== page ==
Nevertheless the photograph of the Combermere ghost demands consideration here. Lady C. had taken for a summer Lord Combermere's country house, Combermere Abbey, in Cheshire. The library in the house was a fine paneled room and the new tenant was anxious to secure a photograph of it. Accordingly, placing her half-plate camera on its stand in a favorable position-fronting the unoccupied carved oak arm chair on which Lord Combermere always used to sit-she opened a new box of photographic plates in the dark room, put a plate in the dark slide, and after focussing the, camera, inserted and exposed the plate. On developing the plate by herself, she was amazed to find the figure of a leg-less old man seated in the carved oak arm chair. The curious coincidence that Lord Combermere was buried a few miles from his country house at the very time the photograph was taken led to the surmise whether the ghostly figure resembled the late nobleman. Opinions of the family differed but on the whole it was considered to be like him, especially in the peculiar attitude which was habitual to him when seated in his chair. But Sir William Barrett who investigated the case and reported on it in the Journal S.P.R., December, 1895, was not satisfied. Working on the theory that a man servant may have come in and seated himself in the chair he took a test photograph and got a picture which was almost a duplicate of the Combermere photograph. With this the matter was ended but-as he tells in On the Threshold of the Unseen-some time later he received a letter from Lord Combermere's daughter-in-law in which she said:
"The face was always too indistinct to be quite convincing to me, though some of his children had no doubt at all of the identity. I may add, none of the men servants in the house in the least resembled the figure and were all young men; whilst the outside men were all attending the funeral, which was taking place at the Church four miles off, at the very time the photograph was being done."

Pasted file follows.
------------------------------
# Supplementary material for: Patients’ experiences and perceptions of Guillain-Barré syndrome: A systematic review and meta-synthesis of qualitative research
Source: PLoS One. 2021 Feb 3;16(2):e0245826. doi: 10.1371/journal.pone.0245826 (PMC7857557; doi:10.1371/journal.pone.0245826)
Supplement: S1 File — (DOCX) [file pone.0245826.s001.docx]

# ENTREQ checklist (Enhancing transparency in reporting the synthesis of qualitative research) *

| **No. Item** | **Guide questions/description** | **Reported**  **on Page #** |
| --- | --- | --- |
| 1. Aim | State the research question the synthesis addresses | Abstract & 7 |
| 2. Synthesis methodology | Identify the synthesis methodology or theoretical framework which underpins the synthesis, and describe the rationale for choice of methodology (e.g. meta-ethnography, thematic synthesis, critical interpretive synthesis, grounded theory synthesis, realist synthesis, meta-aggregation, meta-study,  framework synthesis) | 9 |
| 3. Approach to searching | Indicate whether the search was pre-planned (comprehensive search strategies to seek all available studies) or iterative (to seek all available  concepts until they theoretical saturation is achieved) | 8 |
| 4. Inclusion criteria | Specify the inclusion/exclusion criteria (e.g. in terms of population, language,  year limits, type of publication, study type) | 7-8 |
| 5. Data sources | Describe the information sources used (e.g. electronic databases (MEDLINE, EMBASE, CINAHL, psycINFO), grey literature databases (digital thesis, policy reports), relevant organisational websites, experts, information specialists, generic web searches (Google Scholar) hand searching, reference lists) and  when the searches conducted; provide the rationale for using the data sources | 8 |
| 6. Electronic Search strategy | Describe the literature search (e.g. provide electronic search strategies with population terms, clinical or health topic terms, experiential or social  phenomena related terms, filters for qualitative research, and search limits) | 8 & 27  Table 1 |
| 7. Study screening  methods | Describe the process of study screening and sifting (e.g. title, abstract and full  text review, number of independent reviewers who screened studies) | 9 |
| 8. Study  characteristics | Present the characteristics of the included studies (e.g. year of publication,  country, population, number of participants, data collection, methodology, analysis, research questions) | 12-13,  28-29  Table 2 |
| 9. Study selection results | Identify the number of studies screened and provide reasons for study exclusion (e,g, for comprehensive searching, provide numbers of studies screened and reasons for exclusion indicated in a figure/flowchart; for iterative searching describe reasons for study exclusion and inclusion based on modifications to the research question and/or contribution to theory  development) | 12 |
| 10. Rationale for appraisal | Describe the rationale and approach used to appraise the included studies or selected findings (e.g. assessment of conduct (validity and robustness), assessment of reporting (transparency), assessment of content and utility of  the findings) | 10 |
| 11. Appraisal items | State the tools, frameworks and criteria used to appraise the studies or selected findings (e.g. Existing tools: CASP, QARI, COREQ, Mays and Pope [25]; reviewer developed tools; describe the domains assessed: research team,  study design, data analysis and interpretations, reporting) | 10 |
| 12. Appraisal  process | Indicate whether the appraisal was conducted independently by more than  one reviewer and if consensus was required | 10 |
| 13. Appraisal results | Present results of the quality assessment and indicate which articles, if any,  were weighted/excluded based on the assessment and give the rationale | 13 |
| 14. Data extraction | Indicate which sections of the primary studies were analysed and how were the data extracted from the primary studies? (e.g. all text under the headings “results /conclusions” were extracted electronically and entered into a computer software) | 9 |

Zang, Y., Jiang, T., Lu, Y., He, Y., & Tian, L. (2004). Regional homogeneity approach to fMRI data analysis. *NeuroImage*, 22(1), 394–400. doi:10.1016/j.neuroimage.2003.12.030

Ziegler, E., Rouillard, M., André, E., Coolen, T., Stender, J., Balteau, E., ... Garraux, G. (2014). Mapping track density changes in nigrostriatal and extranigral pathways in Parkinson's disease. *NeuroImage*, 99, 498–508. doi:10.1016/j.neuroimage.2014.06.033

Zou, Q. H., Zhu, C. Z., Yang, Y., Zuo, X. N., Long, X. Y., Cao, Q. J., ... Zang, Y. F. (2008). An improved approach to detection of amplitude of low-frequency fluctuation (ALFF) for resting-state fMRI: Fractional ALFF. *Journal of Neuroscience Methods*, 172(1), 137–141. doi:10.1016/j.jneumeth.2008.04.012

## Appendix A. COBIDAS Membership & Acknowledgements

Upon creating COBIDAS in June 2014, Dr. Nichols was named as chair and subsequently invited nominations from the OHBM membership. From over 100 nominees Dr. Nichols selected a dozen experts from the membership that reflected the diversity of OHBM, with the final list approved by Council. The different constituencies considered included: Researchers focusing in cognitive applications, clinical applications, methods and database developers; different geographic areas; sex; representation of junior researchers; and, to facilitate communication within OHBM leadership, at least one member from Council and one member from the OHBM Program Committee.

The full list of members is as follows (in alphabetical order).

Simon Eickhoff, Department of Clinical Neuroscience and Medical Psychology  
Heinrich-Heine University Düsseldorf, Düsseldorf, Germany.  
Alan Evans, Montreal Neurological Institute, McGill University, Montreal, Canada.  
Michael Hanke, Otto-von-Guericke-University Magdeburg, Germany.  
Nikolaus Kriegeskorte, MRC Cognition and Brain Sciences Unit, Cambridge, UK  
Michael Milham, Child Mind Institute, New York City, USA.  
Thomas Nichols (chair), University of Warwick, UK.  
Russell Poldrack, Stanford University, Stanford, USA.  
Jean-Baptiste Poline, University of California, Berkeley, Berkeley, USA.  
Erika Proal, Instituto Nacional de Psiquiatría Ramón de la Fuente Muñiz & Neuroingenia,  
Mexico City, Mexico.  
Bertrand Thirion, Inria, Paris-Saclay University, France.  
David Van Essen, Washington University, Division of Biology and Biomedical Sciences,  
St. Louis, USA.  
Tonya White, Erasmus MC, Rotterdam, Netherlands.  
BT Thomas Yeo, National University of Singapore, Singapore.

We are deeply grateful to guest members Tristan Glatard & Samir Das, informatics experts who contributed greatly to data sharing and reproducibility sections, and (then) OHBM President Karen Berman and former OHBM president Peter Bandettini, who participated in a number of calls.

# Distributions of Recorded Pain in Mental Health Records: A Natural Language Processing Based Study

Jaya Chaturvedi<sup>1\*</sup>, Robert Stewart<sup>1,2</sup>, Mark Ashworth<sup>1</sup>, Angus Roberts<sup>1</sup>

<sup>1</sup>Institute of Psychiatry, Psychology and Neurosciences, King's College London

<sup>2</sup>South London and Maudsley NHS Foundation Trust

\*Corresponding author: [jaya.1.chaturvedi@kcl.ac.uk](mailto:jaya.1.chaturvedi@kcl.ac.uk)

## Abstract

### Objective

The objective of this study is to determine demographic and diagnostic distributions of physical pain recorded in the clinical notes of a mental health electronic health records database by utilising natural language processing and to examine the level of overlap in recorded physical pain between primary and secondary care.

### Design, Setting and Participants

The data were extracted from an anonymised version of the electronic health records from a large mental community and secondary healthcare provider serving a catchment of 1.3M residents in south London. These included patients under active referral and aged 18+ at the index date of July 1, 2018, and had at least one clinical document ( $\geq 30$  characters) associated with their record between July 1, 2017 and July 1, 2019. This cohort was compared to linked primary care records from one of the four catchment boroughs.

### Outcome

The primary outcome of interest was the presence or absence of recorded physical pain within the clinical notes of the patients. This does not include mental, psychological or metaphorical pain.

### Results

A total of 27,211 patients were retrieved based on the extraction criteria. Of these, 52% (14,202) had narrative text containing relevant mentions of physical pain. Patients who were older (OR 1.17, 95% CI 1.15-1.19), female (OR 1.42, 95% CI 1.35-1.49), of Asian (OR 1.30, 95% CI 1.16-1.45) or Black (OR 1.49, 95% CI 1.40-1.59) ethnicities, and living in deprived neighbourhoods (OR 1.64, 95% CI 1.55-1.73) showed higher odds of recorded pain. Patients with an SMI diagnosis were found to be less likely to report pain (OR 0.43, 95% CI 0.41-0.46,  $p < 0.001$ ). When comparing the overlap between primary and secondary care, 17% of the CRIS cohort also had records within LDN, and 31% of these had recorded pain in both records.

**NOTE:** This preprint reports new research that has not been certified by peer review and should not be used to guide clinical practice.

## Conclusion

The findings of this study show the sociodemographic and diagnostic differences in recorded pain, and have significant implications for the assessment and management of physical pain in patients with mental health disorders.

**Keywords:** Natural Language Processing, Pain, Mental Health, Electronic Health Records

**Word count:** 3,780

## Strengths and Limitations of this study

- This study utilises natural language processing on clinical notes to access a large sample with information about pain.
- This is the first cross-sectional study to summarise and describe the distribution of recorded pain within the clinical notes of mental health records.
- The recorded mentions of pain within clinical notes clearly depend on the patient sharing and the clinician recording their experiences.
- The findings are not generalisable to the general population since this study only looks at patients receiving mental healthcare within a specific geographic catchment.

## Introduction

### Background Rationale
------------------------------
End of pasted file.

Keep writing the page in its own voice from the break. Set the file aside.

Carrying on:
This testimony induced Sir William Barrett to change his opinion.
The question whether an objective apparition is simply an effigy or the actual presence of whom it represents is satisfactorily settled in J. N. Maskelyne's account of a drowning experience of his (M.A.P., April 22nd, 1899) He said: "One thing, however, did appear to my mental vision as plainly as though it were actually before my eyes. That was the form of my mother, engaged upon her household duties. Upon returning home, I was utterly astonished to find that she had been as conscious of my danger as I had been, and at the moment when I was so near death." It seems that when his past life flashed by in the moment of drowning the last thoughts of Maskelyne dwelt on his mother with the effect that he found his mental self gazing at her. Many other apparitions may be simply thought forms, reflections of intense mental anguish experienced in some time past in certain places which are now called haunted or, as Myers suggested, they may be visible dreams of the dead.